These equations are effectively a decomposition of the original general equations and represent a spatial definition of both the stoichiometry and the diffusion of the system. Thus, the partial differential equations for the diffusive components of the system only can be approximated using these three equations. In our C5a production model, complement immunoproteins C3, C5, and C5a can be decomposed as such, but not cps and b, as they represent components of the system internal to the cell/capsule domain. SVD Analysis of DiffusionApproximating SystemExplaining Our System of Differential Equations Applying the general equations derived in the previous section to our C5a production interests should result in 11 differential equations  five at the cell wall, three in the middle of the bacterial capsule, and three at the outer edge of the spatial domain, at the capsuleplasma boundary. They are as follows, labeled 1 for the bacterial cell wall, 2 for the middle of the capsule domain, and 3 for the outer boundary:
Of course, this necessarily alters the definition of our given initial concentrations (which are determined experimentally). Since the capsule and bound C3/C5 convertase remain "internal" to the cell/capsule domain, the initial conditions do not need to be redefined. However, the complement immunoproteins diffuse into contact with the bacterial cell and the cascade is initiated from our spatial domain. Therefore, we use our given initial condition quantities at the outer capsuleplasma boundary, or point 3, and set the initial conditions for the immunoproteins at points 1 and 2 to be equal to 0. At this point, we can construct our stoichiometric/diffusion matrix for SVD analysis. It is logical to separate fluxes by diffusive gradient. In this situation, this is only applicable for the diffusion of immunoproteins through point 2  that is, and , corresponding to the separate diffusion gradients on the "left hand side" and the "right hand side" of the spatial domains relative to point 2. It is worth noting that we are not explicitly specifying whether there is flux "into" or "out of" the system in terms of diffusion by Fick's First Law in our stoichiometric matrix. That is, if (or ), a 1 should be entered into the stoichiometric matrix, but if (or ), a +1 should be entered into the stoichiometric matrix, for the first hypothesized flux above. Still, as these are effectively equal but opposite fluxes, we can simply modify them for our biological situation: in this situation, we can represent both fluxes as +1's in the stoichiometric matrix, as the complement immunoproteins are flowing in from plasma into the extracellular capsule and into the cell surface, which have initial concentrations of 0. As in the toy examples, observe that there are equal and opposite fluxes in our model, namely:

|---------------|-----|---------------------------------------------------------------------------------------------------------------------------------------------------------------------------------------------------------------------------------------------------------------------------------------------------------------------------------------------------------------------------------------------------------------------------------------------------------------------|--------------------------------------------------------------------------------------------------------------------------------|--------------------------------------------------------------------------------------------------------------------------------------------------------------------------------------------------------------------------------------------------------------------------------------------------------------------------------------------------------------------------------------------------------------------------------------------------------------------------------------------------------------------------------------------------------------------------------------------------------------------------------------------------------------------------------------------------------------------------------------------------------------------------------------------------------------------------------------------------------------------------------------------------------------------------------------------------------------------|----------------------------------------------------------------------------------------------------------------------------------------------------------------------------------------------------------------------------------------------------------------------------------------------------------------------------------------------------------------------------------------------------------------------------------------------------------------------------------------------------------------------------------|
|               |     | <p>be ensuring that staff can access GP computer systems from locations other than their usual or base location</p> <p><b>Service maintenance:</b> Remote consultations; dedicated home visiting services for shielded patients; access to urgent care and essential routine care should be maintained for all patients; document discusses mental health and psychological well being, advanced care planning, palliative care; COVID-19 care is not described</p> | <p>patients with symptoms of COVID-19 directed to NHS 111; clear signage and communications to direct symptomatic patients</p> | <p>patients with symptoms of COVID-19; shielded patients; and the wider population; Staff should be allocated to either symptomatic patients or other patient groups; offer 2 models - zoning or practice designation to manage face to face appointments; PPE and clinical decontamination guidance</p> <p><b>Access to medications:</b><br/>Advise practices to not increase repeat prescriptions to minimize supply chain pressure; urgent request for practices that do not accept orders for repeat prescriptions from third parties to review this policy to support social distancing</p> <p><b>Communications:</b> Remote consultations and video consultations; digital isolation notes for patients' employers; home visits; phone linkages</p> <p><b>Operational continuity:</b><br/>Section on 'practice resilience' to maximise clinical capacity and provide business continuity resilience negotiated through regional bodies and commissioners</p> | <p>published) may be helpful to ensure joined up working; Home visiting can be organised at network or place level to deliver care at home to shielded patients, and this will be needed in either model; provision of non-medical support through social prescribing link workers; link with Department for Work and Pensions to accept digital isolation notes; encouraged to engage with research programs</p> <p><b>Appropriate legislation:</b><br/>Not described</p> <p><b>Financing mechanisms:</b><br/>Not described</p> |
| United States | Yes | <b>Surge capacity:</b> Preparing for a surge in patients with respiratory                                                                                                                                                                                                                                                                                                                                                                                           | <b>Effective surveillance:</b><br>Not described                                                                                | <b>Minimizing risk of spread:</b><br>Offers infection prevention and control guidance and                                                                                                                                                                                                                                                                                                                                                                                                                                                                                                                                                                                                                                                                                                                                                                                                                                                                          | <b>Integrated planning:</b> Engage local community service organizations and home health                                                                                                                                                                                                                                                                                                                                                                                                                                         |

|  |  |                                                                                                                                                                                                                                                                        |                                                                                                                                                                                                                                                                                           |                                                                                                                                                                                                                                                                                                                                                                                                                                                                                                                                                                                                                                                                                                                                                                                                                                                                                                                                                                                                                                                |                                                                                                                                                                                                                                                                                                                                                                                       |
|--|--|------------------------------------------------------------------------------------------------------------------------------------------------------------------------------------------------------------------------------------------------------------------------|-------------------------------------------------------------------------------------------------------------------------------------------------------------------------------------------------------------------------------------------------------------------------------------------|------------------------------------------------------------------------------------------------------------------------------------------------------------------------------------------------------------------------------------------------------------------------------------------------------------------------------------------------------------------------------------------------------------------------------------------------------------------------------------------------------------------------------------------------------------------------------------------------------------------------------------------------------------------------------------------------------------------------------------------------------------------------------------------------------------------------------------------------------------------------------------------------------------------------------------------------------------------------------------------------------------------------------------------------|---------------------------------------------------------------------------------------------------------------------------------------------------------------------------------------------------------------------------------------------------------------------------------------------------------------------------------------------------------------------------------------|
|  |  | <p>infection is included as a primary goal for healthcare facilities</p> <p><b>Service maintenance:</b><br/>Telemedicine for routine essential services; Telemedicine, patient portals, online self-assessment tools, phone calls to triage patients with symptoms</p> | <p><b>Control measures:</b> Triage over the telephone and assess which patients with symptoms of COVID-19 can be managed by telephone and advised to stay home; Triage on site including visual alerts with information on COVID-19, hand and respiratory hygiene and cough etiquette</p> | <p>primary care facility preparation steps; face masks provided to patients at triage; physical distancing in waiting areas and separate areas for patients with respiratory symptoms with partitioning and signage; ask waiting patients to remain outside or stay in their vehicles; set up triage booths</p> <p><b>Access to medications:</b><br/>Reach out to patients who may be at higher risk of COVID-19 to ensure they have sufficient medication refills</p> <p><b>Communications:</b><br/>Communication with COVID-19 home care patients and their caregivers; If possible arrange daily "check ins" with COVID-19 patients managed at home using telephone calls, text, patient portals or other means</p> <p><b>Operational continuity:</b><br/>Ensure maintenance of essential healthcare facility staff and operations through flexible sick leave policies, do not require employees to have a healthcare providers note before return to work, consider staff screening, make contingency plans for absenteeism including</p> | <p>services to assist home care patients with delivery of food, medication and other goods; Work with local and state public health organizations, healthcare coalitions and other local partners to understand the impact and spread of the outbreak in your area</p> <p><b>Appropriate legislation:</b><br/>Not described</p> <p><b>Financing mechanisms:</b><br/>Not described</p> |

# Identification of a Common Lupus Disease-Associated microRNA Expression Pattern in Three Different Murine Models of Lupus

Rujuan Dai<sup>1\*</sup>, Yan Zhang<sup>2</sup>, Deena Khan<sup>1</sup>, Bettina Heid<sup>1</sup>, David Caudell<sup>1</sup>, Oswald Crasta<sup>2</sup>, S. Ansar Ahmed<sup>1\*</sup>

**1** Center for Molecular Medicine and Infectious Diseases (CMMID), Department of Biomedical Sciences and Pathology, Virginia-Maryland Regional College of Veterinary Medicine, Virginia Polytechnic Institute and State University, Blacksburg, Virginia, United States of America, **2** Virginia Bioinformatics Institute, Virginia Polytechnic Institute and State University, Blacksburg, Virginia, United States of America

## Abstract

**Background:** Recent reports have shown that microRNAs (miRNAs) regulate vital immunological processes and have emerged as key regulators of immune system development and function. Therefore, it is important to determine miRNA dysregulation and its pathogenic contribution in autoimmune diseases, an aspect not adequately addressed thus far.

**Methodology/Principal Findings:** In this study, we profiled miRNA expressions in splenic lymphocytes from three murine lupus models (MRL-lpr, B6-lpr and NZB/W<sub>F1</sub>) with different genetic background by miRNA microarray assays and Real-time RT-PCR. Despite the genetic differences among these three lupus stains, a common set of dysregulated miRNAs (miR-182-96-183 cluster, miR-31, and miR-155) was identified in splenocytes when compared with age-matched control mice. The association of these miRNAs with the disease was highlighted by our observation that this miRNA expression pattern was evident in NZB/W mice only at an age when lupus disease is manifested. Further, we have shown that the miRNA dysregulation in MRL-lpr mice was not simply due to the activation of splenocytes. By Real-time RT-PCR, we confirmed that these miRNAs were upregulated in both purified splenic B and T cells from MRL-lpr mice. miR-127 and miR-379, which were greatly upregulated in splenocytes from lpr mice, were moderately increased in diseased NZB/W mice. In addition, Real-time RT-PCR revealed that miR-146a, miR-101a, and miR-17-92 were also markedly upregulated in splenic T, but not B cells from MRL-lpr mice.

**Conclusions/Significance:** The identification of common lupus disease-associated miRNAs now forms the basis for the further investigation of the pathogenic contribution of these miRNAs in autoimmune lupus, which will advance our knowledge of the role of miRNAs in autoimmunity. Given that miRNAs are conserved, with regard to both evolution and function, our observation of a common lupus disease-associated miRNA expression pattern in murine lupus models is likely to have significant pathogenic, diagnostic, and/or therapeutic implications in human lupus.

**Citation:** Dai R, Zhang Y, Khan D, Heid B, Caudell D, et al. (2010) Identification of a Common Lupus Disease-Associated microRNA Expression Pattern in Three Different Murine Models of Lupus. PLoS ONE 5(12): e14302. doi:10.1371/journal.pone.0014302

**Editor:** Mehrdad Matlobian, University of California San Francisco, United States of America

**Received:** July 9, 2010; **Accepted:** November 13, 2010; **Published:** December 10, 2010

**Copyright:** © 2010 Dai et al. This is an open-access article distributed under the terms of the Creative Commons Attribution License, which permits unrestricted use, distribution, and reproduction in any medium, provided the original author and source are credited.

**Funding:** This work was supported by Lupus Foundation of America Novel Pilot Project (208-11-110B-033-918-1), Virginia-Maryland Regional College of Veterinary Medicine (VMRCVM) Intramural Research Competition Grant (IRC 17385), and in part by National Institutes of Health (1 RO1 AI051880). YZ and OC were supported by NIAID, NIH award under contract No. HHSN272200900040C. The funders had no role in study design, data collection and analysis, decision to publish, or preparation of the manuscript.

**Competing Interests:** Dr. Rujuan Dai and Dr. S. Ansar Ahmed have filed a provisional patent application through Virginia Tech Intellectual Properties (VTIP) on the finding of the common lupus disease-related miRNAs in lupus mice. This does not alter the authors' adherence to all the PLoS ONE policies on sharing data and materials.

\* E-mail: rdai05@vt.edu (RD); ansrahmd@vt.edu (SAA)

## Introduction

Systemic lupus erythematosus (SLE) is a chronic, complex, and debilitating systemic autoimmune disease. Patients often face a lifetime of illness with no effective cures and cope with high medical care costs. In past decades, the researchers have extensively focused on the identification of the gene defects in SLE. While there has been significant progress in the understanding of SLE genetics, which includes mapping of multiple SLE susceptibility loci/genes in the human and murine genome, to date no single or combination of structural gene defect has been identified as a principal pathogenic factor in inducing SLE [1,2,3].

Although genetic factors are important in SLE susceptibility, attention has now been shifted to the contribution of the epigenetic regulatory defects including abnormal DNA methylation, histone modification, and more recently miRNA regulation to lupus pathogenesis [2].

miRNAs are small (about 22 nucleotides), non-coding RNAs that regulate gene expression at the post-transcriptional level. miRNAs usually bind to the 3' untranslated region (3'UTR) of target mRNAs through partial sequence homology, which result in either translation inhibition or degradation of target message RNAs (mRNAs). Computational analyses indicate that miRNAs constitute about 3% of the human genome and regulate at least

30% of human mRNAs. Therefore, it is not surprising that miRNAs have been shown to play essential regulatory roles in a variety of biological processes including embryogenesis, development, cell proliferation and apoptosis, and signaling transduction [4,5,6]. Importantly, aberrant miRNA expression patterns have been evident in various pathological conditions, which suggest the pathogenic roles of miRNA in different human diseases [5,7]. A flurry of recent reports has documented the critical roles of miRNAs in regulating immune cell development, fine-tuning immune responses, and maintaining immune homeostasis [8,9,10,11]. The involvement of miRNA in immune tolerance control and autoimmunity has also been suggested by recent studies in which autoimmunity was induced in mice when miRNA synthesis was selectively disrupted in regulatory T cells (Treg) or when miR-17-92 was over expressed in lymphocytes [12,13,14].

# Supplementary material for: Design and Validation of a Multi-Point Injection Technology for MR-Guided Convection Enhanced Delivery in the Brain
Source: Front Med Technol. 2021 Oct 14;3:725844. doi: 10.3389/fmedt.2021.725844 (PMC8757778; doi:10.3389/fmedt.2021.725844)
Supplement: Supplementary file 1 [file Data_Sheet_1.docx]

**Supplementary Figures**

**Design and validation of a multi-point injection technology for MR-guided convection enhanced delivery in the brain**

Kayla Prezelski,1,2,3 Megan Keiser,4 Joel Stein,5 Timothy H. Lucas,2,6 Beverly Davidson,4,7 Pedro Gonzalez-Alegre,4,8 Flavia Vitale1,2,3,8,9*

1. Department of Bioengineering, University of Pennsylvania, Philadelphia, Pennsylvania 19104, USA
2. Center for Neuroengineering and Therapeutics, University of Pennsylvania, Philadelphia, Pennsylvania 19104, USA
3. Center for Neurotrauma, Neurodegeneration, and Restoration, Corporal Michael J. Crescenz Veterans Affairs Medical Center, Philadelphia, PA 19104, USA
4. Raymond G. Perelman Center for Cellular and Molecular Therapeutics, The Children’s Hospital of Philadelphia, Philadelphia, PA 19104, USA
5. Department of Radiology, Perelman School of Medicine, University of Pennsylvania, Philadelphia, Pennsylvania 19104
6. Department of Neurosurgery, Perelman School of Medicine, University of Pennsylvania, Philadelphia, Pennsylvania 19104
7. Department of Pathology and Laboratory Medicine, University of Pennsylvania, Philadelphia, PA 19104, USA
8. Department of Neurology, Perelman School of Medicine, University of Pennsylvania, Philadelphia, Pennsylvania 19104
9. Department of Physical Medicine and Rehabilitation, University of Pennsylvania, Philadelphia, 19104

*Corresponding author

Thus, we have created an matrix such that
,
where
Let , corresponding to the rows of our matrix, and , corresponding to the columns of our matrix. We performed SVD analysis on this matrix using MATLAB's SVD command, generating three matrices , with , where is an unitary matrix, is an diagonal matrix containing the singular values, and is an unitary matrix. Furthermore, using MATLAB's rank operation for gives a rank . Now, first, note that the dimension of the left null space is , which means that the left null space has two spanning vectors. Through our SVD analysis, we see that the matrix that an orthonormal basis for the left null sapce is composed of the vectors , which in this case is .